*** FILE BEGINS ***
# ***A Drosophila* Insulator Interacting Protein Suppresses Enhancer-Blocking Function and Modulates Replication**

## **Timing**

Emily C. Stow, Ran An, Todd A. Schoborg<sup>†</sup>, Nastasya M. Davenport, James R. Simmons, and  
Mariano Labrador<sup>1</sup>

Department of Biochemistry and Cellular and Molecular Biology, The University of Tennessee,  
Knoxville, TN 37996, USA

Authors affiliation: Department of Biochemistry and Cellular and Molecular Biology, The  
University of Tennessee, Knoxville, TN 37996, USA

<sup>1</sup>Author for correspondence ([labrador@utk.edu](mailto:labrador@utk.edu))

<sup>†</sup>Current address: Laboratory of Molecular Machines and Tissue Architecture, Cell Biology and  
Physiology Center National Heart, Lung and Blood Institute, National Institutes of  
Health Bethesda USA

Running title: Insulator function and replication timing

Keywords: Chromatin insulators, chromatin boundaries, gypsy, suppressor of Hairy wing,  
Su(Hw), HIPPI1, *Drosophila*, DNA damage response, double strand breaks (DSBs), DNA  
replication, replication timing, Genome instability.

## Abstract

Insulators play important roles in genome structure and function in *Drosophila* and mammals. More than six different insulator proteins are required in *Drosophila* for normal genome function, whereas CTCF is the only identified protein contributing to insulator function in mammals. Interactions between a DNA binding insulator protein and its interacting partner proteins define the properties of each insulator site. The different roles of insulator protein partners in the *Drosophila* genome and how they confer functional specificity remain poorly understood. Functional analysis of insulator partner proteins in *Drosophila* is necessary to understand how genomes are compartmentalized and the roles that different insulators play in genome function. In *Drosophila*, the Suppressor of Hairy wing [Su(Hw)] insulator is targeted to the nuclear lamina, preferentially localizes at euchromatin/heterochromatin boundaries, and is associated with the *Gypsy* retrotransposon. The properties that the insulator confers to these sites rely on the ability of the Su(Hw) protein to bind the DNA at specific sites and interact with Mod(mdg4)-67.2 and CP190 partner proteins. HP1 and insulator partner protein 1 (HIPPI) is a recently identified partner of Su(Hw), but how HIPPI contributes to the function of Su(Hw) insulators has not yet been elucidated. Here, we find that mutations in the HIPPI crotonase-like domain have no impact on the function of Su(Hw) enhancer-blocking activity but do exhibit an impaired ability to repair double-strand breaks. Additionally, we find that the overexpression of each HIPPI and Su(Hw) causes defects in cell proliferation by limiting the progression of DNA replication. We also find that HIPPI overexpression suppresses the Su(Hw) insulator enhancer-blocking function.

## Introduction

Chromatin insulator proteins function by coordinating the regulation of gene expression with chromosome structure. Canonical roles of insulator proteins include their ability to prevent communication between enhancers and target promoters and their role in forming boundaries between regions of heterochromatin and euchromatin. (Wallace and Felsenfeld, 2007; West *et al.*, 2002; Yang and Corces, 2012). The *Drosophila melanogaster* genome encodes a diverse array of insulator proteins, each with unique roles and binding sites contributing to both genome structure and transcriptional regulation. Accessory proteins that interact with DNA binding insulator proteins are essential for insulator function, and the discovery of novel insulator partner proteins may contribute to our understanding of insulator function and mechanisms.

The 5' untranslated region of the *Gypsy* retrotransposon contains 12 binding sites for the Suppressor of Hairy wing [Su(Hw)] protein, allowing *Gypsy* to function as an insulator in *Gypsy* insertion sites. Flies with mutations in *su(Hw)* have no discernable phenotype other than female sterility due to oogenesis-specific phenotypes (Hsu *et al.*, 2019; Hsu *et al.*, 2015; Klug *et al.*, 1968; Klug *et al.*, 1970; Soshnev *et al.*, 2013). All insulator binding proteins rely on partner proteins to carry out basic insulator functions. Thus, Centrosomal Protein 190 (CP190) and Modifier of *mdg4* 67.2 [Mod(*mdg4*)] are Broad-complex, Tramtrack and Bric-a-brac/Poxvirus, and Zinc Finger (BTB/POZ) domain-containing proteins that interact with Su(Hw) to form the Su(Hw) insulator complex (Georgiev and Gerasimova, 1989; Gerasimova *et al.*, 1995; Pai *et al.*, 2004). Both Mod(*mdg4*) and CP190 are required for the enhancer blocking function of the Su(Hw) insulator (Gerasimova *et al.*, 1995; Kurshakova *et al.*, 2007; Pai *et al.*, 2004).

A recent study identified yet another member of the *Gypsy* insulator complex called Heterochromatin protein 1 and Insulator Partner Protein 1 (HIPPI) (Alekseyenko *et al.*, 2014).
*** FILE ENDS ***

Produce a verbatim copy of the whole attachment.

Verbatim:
# ***A Drosophila* Insulator Interacting Protein Suppresses Enhancer-Blocking Function and Modulates Replication**

## **Timing**

Emily C. Stow, Ran An, Todd A. Schoborg<sup>†</sup>, Nastasya M. Davenport, James R. Simmons, and  
Mariano Labrador<sup>1</sup>

Department of Biochemistry and Cellular and Molecular Biology, The University of Tennessee,  
Knoxville, TN 37996, USA

Authors affiliation: Department of Biochemistry and Cellular and Molecular Biology, The  
University of Tennessee, Knoxville, TN 37996, USA

<sup>1</sup>Author for correspondence ([labrador@utk.edu](mailto:labrador@utk.edu))

<sup>†</sup>Current address: Laboratory of Molecular Machines and Tissue Architecture, Cell Biology and  
Physiology Center National Heart, Lung and Blood Institute, National Institutes of  
Health Bethesda USA

Running title: Insulator function and replication timing

Keywords: Chromatin insulators, chromatin boundaries, gypsy, suppressor of Hairy wing,  
Su(Hw), HIPPI1, *Drosophila*, DNA damage response, double strand breaks (DSBs), DNA  
replication, replication timing, Genome instability.

## Abstract

Insulators play important roles in genome structure and function in *Drosophila* and mammals. More than six different insulator proteins are required in *Drosophila* for normal genome function, whereas CTCF is the only identified protein contributing to insulator function in mammals. Interactions between a DNA binding insulator protein and its interacting partner proteins define the properties of each insulator site. The different roles of insulator protein partners in the *Drosophila* genome and how they confer functional specificity remain poorly understood. Functional analysis of insulator partner proteins in *Drosophila* is necessary to understand how genomes are compartmentalized and the roles that different insulators play in genome function. In *Drosophila*, the Suppressor of Hairy wing [Su(Hw)] insulator is targeted to the nuclear lamina, preferentially localizes at euchromatin/heterochromatin boundaries, and is associated with the *Gypsy* retrotransposon. The properties that the insulator confers to these sites rely on the ability of the Su(Hw) protein to bind the DNA at specific sites and interact with Mod(mdg4)-67.2 and CP190 partner proteins. HP1 and insulator partner protein 1 (HIPPI) is a recently identified partner of Su(Hw), but how HIPPI contributes to the function of Su(Hw) insulators has not yet been elucidated. Here, we find that mutations in the HIPPI crotonase-like domain have no impact on the function of Su(Hw) enhancer-blocking activity but do exhibit an impaired ability to repair double-strand breaks. Additionally, we find that the overexpression of each HIPPI and Su(Hw) causes defects in cell proliferation by limiting the progression of DNA replication. We also find that HIPPI overexpression suppresses the Su(Hw) insulator enhancer-blocking function.

## Introduction

Chromatin insulator proteins function by coordinating the regulation of gene expression with chromosome structure. Canonical roles of insulator proteins include their ability to prevent communication between enhancers and target promoters and their role in forming boundaries between regions of heterochromatin and euchromatin. (Wallace and Felsenfeld, 2007; West *et al.*, 2002; Yang and Corces, 2012). The *Drosophila melanogaster* genome encodes a diverse array of insulator proteins, each with unique roles and binding sites contributing to both genome structure and transcriptional regulation. Accessory proteins that interact with DNA binding insulator proteins are essential for insulator function, and the discovery of novel insulator partner proteins may contribute to our understanding of insulator function and mechanisms.

The 5' untranslated region of the *Gypsy* retrotransposon contains 12 binding sites for the Suppressor of Hairy wing [Su(Hw)] protein, allowing *Gypsy* to function as an insulator in *Gypsy* insertion sites. Flies with mutations in *su(Hw)* have no discernable phenotype other than female sterility due to oogenesis-specific phenotypes (Hsu *et al.*, 2019; Hsu *et al.*, 2015; Klug *et al.*, 1968; Klug *et al.*, 1970; Soshnev *et al.*, 2013). All insulator binding proteins rely on partner proteins to carry out basic insulator functions. Thus, Centrosomal Protein 190 (CP190) and Modifier of *mdg4* 67.2 [Mod(*mdg4*)] are Broad-complex, Tramtrack and Bric-a-brac/Poxvirus, and Zinc Finger (BTB/POZ) domain-containing proteins that interact with Su(Hw) to form the Su(Hw) insulator complex (Georgiev and Gerasimova, 1989; Gerasimova *et al.*, 1995; Pai *et al.*, 2004). Both Mod(*mdg4*) and CP190 are required for the enhancer blocking function of the Su(Hw) insulator (Gerasimova *et al.*, 1995; Kurshakova *et al.*, 2007; Pai *et al.*, 2004).

A recent study identified yet another member of the *Gypsy* insulator complex called Heterochromatin protein 1 and Insulator Partner Protein 1 (HIPPI) (Alekseyenko *et al.*, 2014).